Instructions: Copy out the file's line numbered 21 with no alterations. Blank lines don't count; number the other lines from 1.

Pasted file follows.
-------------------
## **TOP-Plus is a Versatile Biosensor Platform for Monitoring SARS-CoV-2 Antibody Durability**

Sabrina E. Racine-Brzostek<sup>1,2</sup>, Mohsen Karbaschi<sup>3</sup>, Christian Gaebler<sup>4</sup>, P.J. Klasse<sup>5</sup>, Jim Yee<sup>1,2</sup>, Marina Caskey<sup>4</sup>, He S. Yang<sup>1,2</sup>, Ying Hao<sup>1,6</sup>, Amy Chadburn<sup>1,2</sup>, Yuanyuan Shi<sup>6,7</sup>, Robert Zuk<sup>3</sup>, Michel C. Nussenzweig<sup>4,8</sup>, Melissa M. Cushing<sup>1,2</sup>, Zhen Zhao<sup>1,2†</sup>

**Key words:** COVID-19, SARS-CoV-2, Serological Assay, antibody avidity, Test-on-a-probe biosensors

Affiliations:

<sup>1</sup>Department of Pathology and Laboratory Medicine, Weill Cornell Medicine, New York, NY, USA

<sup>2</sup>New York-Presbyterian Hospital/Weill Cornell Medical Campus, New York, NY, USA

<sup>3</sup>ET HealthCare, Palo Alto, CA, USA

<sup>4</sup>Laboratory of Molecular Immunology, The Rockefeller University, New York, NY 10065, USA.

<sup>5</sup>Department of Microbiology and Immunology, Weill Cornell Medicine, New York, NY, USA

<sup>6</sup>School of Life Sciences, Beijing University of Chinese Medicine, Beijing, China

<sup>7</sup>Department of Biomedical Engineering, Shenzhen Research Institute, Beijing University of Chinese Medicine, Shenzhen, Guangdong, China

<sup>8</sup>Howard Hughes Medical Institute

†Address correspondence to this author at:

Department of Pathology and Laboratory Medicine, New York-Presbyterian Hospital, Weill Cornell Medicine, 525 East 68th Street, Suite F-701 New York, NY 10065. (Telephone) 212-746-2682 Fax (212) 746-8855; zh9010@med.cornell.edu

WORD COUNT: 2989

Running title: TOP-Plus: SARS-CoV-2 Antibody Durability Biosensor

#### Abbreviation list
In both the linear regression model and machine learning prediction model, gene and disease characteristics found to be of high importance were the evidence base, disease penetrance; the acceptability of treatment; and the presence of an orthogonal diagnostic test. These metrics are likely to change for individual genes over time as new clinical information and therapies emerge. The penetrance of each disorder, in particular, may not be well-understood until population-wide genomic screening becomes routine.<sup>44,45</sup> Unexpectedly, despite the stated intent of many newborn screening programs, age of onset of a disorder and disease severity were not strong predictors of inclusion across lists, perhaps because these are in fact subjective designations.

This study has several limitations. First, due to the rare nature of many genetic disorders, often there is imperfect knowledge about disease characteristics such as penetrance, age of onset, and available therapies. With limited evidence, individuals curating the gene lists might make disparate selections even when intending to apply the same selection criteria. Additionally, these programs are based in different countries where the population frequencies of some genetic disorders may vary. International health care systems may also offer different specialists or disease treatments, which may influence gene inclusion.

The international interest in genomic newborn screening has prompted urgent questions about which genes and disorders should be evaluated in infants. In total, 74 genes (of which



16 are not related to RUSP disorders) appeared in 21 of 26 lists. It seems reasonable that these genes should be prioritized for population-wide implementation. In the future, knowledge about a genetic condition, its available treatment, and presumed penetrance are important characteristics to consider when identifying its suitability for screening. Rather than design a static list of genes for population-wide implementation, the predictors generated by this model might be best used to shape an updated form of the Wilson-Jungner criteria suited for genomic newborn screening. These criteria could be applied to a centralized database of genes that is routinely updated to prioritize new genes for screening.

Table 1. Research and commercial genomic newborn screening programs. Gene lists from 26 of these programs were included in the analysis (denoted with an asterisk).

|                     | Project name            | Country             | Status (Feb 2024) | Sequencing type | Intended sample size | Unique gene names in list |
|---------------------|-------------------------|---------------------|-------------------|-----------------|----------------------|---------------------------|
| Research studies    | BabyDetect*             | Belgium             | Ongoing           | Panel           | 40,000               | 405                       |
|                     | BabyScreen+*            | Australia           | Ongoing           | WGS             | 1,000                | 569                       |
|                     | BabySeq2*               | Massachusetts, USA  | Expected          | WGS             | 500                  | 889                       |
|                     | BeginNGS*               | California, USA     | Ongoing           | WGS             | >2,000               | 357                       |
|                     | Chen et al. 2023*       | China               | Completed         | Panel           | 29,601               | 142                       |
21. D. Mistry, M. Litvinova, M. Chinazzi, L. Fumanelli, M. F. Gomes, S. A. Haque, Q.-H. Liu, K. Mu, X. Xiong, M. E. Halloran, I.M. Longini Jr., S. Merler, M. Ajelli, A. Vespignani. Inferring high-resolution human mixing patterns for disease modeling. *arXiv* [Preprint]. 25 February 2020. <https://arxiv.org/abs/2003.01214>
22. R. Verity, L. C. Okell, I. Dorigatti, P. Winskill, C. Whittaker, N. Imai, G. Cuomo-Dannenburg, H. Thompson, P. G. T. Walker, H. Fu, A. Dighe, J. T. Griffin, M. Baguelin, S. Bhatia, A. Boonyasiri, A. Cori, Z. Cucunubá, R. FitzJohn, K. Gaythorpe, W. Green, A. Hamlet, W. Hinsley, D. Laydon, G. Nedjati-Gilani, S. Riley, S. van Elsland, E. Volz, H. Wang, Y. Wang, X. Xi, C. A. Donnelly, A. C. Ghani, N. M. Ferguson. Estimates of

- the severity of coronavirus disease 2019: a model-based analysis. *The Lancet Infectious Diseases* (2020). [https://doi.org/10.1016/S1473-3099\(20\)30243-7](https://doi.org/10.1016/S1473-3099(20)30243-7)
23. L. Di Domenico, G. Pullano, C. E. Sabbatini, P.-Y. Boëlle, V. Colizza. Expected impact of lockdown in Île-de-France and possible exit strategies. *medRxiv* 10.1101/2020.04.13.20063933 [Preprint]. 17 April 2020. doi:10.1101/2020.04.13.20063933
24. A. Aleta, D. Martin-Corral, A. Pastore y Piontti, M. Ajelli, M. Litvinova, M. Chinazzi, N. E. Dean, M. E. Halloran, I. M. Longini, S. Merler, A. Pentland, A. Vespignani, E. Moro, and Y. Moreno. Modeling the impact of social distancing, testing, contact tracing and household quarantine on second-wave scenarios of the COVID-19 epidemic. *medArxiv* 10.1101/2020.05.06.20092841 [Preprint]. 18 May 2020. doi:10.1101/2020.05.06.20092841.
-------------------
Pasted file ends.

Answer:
16 are not related to RUSP disorders) appeared in 21 of 26 lists. It seems reasonable that these genes should be prioritized for population-wide implementation. In the future, knowledge about a genetic condition, its available treatment, and presumed penetrance are important characteristics to consider when identifying its suitability for screening. Rather than design a static list of genes for population-wide implementation, the predictors generated by this model might be best used to shape an updated form of the Wilson-Jungner criteria suited for genomic newborn screening. These criteria could be applied to a centralized database of genes that is routinely updated to prioritize new genes for screening.